What Yuki's arc lacked was a fallout after her fight with Ame. Besides losing control once (for which Souhei already forgave her), it didn't feel like she had continual inner conflict with her werewolf side, especially since she seemed to be good friends with Souhei afterwards. I was surprised that it became her primary conflict because it felt like the issue had already been resolved earlier.

(also, the two little kids that Yuki and Souhei stayed with in the gym knew they were still at school and had their abandoned bags but didn't tell the teacher that there were still two students left at school? What??)

Yuki and Ame's relationship with the werewolf and human sides of their identity takes an interesting reversal as the two grow up. Yuki goes from a girl completely comfortable with her wild nature to repressing her werewolf side and becoming a 'proper girl' (grr, gender roles).

Ame goes from a timid boy who is scared of everything and an outcast in the human world to wild wolf. I do wish they had shown more of Ame's relationship with his teacher.

It made me really sad that neither completely resolve the conflict between their two sides because I hoped that both would see the merits of both being wolf and human. Yuki becomes 'fully' human by participating in the human world while Ame decides to retreat completely into the wild.

The relationship between the siblings felt unresolved and distant after the fight and that was a part that I felt the movie should have addressed - even a glimpse of Ame in Yuki's graduation photo would have been a nice bit of closure.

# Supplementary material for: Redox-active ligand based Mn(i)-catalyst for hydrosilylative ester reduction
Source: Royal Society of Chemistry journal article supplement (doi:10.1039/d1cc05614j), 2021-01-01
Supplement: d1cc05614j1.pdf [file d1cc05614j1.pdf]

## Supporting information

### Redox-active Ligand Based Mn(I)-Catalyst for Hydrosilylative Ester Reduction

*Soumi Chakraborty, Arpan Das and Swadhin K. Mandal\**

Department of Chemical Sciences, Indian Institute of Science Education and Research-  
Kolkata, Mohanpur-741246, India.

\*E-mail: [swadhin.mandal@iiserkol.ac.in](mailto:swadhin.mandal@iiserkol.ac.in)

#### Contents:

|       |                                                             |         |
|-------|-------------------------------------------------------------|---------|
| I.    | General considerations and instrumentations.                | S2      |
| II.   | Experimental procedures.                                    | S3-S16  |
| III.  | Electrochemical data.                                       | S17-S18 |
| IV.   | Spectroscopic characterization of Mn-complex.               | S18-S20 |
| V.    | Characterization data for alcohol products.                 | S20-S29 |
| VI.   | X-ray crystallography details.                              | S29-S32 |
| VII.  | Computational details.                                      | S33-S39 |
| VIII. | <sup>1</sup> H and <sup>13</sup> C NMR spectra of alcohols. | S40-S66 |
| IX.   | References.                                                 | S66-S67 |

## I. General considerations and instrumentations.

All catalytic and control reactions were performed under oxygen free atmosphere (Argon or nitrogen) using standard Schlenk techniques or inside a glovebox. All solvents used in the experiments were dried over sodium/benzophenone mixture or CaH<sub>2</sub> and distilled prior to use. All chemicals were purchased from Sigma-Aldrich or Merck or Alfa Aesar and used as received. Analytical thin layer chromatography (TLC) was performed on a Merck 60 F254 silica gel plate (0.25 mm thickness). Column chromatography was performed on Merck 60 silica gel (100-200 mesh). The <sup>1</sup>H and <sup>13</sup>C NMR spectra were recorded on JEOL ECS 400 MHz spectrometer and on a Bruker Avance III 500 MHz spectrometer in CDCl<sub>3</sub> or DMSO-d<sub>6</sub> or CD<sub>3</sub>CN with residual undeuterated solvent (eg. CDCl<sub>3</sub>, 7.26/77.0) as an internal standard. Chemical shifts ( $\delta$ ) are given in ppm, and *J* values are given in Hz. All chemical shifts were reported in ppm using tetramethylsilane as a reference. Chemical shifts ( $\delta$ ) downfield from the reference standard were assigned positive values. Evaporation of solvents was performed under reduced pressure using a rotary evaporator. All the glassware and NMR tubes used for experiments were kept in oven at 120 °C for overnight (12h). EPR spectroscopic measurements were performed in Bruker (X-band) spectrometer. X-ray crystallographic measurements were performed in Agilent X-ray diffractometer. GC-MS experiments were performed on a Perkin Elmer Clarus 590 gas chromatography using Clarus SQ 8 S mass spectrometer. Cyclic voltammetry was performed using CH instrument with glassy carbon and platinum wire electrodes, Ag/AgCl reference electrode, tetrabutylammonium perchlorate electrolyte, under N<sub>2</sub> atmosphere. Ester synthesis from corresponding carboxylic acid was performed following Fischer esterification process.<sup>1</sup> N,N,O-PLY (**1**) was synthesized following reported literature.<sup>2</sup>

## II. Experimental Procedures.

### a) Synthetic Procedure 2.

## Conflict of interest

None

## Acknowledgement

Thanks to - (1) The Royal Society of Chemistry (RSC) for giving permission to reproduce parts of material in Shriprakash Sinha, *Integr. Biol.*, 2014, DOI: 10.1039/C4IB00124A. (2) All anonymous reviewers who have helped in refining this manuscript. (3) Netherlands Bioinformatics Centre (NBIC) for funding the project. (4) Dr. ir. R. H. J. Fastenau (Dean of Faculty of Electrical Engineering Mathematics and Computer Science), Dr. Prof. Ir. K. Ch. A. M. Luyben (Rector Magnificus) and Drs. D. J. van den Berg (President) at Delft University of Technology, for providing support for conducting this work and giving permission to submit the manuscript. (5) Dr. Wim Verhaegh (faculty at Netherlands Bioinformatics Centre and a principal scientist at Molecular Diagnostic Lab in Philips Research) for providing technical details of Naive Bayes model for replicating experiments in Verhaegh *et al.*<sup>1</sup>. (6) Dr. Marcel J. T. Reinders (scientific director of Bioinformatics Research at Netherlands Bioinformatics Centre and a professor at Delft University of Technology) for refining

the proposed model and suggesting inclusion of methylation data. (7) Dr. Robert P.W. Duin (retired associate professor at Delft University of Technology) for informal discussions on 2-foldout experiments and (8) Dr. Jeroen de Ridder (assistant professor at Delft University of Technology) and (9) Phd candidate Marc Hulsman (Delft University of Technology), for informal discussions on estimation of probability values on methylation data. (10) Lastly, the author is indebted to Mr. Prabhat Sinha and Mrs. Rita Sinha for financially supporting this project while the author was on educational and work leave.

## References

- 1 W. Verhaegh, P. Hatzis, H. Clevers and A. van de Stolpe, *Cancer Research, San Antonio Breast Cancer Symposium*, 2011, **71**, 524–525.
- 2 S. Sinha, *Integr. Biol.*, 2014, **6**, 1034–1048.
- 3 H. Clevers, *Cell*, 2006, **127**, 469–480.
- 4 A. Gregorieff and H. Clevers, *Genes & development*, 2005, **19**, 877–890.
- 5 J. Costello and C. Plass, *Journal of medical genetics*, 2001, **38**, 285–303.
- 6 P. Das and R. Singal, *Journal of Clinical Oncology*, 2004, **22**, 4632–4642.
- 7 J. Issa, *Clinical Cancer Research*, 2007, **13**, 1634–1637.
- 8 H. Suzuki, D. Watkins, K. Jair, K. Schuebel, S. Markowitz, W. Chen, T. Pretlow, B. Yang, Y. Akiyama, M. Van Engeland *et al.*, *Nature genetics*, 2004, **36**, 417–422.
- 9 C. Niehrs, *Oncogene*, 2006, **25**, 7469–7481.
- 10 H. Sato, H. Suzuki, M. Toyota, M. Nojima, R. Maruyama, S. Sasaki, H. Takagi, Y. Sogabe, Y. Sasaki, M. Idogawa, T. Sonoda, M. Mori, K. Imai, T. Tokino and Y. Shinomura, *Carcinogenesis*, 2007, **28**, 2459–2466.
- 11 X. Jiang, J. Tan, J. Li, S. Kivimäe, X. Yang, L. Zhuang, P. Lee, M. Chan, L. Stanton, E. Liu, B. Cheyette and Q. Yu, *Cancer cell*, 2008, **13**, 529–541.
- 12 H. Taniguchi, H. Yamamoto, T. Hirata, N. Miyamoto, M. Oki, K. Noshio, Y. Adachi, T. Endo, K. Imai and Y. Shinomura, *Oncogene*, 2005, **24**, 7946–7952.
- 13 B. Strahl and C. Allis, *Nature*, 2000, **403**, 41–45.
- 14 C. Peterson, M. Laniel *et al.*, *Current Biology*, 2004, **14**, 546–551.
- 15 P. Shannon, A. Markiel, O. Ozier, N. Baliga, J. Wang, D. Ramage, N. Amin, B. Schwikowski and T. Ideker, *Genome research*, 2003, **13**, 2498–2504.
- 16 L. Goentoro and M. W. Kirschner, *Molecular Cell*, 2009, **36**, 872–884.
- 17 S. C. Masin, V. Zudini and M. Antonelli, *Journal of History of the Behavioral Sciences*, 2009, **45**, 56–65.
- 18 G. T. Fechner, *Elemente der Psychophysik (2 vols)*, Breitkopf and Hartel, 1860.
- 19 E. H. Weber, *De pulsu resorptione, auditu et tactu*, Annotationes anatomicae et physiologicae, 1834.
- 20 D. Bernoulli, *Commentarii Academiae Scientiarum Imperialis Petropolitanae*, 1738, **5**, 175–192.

Speaking of which, was I the only person rather appalled by Ame's actions? No matter how strong the 'calling of the forest' was, you left your mother to search for you during a typhoon. And it didn't seem like there was a particular, dire problem with high stakes (like, say, the forest creatures were in danger without a leader) so my initial reaction was shock at how inconsiderate his actions seemed, especially since he probably knew his mother would look for him and that she was a human, incapable of finding her way through the forest.

Perhaps that's the central conflict in the movie - the fact that sometimes we have sides and needs that others can't comprehend. Ame being eleven in human years doesn't mean he's not an adult in wolf years...and Hana's 'test' was understanding and accepting that? If so, the message could have been conveyed more clearly.

While I totally admire Hana, did it seem like she got the short end of the stick? In the end, she has to live without both her children, despite having been the long-suffering mother to both of them.

Wolf Children is ultimately a story about a mother's love, which is a topic I feel I'm not very entitled to comment on. It reinforces a sense that a good mother sacrifices everything for her children and unquestioningly so, and I do hesitate personally in lauding that approach, or even viewing it as an 'ideal' attitude for a mother (especially seeing how she ended up totally unable to stop/control Yuki or Ame even when they were fighting badly with each other).

As simply a character, she was a sweet and giving person and I connected with her and admired her. I connected less so with Yuki and Ame's central conflicts so I think that was a weaker aspect of the movie.

Wolf Children is still a pretty refreshing, sweet film with that quaint, countryside focus, but rather more conventional and 'safe' with its exploration of certain attitudes than I would have liked.